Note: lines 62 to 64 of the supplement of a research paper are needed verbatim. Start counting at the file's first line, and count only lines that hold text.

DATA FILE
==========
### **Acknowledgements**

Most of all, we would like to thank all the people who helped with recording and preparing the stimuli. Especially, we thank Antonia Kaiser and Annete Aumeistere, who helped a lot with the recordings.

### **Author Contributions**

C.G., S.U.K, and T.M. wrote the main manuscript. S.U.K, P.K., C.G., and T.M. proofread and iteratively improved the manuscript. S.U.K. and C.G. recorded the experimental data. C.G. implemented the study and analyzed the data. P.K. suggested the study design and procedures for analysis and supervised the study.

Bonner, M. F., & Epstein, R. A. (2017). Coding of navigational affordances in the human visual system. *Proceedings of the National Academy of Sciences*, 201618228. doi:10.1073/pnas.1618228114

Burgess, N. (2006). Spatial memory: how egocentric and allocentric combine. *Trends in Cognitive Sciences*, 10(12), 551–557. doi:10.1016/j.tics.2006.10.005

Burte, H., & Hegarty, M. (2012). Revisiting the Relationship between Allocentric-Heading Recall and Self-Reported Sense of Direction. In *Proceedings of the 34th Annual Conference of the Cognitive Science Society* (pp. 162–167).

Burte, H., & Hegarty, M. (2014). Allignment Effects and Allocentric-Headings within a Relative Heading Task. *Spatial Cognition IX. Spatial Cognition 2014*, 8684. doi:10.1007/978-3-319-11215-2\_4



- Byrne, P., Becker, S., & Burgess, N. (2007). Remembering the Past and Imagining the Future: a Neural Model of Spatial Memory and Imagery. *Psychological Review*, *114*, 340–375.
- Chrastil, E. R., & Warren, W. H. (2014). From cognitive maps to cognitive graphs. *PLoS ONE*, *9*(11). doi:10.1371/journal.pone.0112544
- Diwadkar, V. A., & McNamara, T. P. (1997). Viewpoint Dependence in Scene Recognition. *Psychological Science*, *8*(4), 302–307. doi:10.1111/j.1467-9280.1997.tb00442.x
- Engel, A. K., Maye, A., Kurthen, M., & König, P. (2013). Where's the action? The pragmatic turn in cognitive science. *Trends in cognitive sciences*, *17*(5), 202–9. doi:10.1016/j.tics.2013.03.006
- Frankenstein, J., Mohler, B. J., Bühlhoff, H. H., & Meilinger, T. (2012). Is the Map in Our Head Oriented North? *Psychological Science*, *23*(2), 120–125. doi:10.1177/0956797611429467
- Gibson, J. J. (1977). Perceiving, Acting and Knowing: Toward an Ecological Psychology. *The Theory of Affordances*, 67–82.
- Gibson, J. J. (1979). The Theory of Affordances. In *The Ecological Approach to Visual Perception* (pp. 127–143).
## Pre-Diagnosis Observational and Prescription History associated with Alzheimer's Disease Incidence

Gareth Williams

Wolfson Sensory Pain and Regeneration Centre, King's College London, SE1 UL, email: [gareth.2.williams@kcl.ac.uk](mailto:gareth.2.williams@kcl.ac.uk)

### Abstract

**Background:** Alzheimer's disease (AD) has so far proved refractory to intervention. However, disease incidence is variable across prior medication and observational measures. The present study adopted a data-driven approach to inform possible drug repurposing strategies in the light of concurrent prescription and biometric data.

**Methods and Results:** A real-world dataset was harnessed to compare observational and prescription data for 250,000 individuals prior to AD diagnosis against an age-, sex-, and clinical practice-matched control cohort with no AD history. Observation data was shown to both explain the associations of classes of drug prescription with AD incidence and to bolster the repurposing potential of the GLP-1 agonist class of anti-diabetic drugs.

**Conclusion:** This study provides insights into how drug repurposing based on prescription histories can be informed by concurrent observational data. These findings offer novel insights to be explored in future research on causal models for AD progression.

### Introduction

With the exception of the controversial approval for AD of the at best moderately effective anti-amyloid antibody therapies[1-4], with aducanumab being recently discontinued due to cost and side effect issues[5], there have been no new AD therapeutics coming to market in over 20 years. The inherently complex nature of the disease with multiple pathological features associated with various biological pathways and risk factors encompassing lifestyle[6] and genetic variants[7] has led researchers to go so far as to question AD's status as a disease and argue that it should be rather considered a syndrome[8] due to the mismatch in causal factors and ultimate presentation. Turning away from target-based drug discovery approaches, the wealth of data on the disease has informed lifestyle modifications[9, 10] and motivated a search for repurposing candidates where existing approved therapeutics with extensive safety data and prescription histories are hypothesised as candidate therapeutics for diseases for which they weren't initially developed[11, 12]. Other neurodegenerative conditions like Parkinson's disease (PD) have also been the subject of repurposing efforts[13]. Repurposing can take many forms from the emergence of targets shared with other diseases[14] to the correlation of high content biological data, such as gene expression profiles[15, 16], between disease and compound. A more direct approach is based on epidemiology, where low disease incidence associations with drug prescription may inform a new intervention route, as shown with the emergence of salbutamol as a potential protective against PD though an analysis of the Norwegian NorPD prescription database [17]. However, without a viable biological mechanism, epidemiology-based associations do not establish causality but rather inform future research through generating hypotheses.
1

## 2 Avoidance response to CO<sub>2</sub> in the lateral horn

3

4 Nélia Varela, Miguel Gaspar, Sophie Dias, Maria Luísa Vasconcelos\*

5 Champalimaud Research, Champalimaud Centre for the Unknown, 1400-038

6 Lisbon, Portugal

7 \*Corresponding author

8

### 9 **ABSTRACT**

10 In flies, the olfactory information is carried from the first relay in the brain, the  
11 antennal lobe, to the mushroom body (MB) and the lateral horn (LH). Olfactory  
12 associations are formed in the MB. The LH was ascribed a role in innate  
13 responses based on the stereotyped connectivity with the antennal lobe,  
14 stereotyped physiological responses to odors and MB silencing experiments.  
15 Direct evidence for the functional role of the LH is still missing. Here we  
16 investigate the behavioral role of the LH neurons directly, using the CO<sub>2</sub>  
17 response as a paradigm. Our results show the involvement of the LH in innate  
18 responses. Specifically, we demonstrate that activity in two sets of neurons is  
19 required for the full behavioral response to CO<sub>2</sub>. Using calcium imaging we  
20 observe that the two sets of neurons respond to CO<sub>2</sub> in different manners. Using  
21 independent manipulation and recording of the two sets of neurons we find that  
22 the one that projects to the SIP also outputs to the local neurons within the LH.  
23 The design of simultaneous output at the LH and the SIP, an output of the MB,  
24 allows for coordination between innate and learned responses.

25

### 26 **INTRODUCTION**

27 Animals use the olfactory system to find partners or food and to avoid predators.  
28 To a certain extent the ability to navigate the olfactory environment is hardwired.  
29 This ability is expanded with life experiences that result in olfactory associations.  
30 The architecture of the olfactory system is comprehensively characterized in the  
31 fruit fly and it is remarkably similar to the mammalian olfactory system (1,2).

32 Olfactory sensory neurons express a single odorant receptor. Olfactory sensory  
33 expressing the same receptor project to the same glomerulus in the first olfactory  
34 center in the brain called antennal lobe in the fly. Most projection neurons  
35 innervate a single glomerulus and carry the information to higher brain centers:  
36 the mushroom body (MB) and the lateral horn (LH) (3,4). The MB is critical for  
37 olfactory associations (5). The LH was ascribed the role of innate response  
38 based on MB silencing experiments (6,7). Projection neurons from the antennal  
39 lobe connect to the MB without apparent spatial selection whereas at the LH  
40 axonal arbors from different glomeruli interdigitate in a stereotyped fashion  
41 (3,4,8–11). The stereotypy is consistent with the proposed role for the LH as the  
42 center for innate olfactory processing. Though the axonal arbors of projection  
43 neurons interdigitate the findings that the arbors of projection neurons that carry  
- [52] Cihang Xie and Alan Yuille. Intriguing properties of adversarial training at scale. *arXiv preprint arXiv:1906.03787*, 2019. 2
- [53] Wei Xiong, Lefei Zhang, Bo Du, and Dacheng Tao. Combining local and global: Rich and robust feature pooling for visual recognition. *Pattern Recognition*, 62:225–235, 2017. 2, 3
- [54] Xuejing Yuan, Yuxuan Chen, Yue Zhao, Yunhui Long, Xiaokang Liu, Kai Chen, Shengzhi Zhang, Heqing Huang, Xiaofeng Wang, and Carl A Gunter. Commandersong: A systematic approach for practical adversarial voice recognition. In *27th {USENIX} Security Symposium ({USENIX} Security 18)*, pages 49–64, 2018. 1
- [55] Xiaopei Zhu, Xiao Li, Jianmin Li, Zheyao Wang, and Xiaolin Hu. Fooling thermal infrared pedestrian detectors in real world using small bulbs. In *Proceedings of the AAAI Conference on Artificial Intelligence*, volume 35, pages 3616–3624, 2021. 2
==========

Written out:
38 based on MB silencing experiments (6,7). Projection neurons from the antennal  
39 lobe connect to the MB without apparent spatial selection whereas at the LH  
40 axonal arbors from different glomeruli interdigitate in a stereotyped fashion  